Frank Talamantes (1943—2018)
Frank Talamantes was a renowned scientist who spent much of his career advancing the research community’s understanding of endocrinology. Specifically, Frank was known for his work elucidating the mechanisms of placental lactogens, prolactins and growth factors in reproduction. He also was known for his mentoring of younger scientists and colleagues.
With his peaceful death on Oct. 8, we all lost a trusted friend.
Frank Talamantes, left, and Thomas Landefeld share a laugh at Landefeld’s wedding in 2012, where Talamantes served as best man.PHOTOS COURTESY OF THOMAS LANDEFELD
Frank joined the University of California, Santa Cruz, faculty in 1974 as a member of the molecular, cell and developmental biology department. There, he and his research group conducted seminal studies of the roles of placental lactogens in pregnancy. He later was appointed to administrative roles, including vice provost and dean of graduate studies from 2000 to 2004.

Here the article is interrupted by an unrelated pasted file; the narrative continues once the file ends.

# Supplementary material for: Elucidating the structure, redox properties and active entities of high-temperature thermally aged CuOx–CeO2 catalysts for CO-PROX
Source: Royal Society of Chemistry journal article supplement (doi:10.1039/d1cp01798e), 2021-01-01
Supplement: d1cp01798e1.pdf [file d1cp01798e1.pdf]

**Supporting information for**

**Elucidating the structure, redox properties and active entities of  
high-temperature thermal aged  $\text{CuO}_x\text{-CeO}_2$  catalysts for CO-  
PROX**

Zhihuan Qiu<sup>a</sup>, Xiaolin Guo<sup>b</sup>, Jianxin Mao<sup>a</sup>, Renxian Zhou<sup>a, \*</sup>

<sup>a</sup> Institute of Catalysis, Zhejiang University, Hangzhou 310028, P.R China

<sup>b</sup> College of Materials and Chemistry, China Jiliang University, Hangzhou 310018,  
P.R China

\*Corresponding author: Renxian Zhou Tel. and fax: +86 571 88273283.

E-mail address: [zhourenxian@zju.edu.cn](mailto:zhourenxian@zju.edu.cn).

In 2004, Frank retired from UC Santa Cruz and subsequently joined the faculty of the Paul L. Foster Medical School at the Texas Tech University Health Sciences Center in El Paso in 2005 as a professor and assistant dean for research. He was recognized widely for his pioneering research on reproductive hormones and hormone receptors.
Frank was deeply committed to supporting the careers of students and early-career scientists, particularly those who have not been historically well-represented in molecular biology and biochemistry. He was a charter member of the Society for the Advancement of Chicanos and Native Americans in Science, or SACNAS, and later served as the society’s president at a pivotal time in its history, 1987–1990. His outstanding work in that arena was recognized in 1989 with a national award from the American Association for Higher Education. After his death, SACNAS established a scholarship in Frank’s name to help students travel to the annual SACNAS conference, honoring his commitment and advocacy.